Future Tense @Liveware Lab

By Ian McNeely

 Players watch with uncertainty, discussing what to do about the invasion of mysterious spiders from space.  It's tough out there for intergalactic corporations.

Players watch with uncertainty, discussing what to do about the invasion of mysterious spiders from space.  It's tough out there for intergalactic corporations.

This weekend, I joined 30 other meganerds to play a megagame at Hex and Company on New York's Upper West Side. Future Tense, designed by Scott Silsbe and Mike Sette, casts players as futuristic entrepreneurs competing and colluding to achieve economic dominance.  The event is pure mayhem: Armies battle on an area-control map game, delegates shout at the mock United Nations, and panicked investors buy and sell corporate shares at a live stock market all developing in real-time, affecting one another and creating a great story.  

 At the stock market, supply and demand determine company's relative value and players gamble to make a quick buck.

At the stock market, supply and demand determine company's relative value and players gamble to make a quick buck.

My group, the Offworld Trade Union, was basically intergalactic UPS.  Our Mission: Convince other teams to grant us shipping contracts to haul their precious resources.  Our competition was the Astrogation Alliance (Space FedEx), and most of the game was spent trying to underbid them or bribe away their clients with lucrative favors.  In the end, they creamed us taking nearly two thirds of the transportation marketshare.  But, our stock appreciated nicely, so I'd like to think our ending was a happy retirement.  

 The currencies of Future Tense: Influence, spacebucks and industry.

The currencies of Future Tense: Influence, spacebucks and industry.

Meanwhile, on the map, rival corporations produced drones to take resource-generating locations.  Mercenaries were hired, alliances were forged and broken, mysterious space-spiders invaded and things got messy.  It was interesting to see how this game module brought out the confrontational side in people, I'm looking at you, Risk kids!  Maybe it's human nature to want to expand out borders?  Maybe maps bring out the worst in people?  All I know is this part of the game seemed the very acrimonious as my cooperative conference table kept craning our necks to keep tabs on the newest imbroglio.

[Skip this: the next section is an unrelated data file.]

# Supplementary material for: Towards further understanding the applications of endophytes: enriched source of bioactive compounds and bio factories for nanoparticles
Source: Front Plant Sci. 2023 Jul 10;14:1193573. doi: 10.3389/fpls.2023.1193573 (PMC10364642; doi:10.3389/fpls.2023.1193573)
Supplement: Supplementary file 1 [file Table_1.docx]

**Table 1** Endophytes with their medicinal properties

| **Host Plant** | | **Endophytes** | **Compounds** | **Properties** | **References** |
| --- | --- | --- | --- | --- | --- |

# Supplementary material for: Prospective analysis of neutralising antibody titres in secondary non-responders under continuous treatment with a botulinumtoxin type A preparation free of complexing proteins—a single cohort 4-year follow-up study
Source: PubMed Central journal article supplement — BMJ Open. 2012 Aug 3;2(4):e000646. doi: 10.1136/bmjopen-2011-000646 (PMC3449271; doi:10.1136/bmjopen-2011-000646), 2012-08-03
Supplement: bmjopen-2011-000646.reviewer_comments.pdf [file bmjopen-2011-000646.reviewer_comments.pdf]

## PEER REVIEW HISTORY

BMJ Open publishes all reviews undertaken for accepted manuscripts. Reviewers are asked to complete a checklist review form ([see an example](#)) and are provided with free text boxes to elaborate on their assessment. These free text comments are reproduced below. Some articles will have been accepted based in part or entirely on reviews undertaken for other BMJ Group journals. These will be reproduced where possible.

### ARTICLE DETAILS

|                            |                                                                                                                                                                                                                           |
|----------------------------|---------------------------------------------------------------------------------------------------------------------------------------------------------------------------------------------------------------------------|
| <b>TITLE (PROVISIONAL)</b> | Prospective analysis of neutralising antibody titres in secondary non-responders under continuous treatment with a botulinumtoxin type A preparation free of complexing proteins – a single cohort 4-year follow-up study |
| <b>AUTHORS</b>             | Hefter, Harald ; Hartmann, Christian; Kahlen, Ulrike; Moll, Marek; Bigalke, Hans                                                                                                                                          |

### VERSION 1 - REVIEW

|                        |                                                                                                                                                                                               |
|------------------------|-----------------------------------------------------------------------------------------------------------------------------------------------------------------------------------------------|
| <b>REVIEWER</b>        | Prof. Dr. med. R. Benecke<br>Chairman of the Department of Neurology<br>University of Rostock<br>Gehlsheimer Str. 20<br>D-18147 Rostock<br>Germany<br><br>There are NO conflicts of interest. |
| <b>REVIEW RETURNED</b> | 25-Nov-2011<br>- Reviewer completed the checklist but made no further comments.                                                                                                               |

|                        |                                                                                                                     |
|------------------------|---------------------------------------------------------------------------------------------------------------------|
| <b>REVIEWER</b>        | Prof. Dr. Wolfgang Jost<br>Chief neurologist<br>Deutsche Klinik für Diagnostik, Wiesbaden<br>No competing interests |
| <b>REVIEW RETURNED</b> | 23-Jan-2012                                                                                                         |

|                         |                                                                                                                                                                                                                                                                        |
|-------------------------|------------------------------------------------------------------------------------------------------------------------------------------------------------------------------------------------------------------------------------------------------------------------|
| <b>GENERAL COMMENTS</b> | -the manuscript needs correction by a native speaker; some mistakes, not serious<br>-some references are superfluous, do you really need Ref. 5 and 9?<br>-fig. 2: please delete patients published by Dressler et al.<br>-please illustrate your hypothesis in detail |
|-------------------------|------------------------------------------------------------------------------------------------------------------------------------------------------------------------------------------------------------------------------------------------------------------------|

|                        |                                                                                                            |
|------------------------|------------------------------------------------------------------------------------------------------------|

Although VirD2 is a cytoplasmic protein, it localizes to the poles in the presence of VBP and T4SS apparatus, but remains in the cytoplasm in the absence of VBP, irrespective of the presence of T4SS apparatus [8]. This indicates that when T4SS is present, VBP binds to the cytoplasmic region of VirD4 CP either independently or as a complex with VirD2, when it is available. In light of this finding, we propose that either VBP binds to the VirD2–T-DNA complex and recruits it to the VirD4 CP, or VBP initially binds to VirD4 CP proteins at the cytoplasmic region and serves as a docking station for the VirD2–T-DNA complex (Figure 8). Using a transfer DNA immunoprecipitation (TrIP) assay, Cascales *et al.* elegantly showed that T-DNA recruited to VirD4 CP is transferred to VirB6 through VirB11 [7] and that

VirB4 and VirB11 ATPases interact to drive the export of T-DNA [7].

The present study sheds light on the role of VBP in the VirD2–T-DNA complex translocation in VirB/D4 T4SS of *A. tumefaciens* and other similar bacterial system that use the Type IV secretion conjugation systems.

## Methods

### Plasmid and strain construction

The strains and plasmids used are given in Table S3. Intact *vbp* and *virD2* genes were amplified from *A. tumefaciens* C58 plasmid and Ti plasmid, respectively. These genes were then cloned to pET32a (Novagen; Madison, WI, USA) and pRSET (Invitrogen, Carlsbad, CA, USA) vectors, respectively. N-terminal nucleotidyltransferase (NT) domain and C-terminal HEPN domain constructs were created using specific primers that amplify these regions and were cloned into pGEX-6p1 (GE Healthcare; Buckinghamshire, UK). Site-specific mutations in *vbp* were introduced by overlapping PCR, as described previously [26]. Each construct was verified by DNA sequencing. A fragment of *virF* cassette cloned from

A solitary drone contemplatively ponders his place in the universe.  "Am I just a cog in a giant machine?"  Yes.

A solitary drone contemplatively ponders his place in the universe.  "Am I just a cog in a giant machine?"  Yes.

If you're in the New York area, be sure to check out LiveWare Lab for details about their upcoming events.  The atmosphere is casual, fun, and an exciting way to spend an afternoon.  Highly recommend it. 

The Rogues Gallery and Megagaming

By Ian McNeely

Hey friends!

We are holding a new and improved Rogues' Gallery Saturday, February 17th at 8 PM.  This new offering is a freeform, social megagame—

What's a megagame?

 ©2015 Watch the Skies, a megagame in the UK that drew hundreds of participants playing the assorted nations of Earth during first contact with aliens.

©2015 Watch the Skies, a megagame in the UK that drew hundreds of participants playing the assorted nations of Earth during first contact with aliens.

A realtime, in-person, social game with many participants: Risk meets Mafia meets a high school reunion.  They most often focus on politics and negotiation and frequently resemble a model UN.  There are teams within teams with secret objectives (even within a team) that come into conflict and build a nuanced maelstrom of human behavior without a "winner" per se.  Instead, megagames are focused on procedurally generating a colorful story.

The Rogues' Gallery is a spy thriller set at a convention for supervillains.  Guests are cast as specific gamblers, assassins, goons and gatecrashers, all with diverse goals and secrets for the night.  The event is a great way to meet new people (no better icebreaker than a funny character), sip on a drink and see where the story organically leads and with 16 different and distinct endings, it could lead anywhere!  

Our ongoing goals:

To be accessible.  The rules should be simple enough for anyone to understand them immediately and start playing the game.  Who wants to spend time learning rules?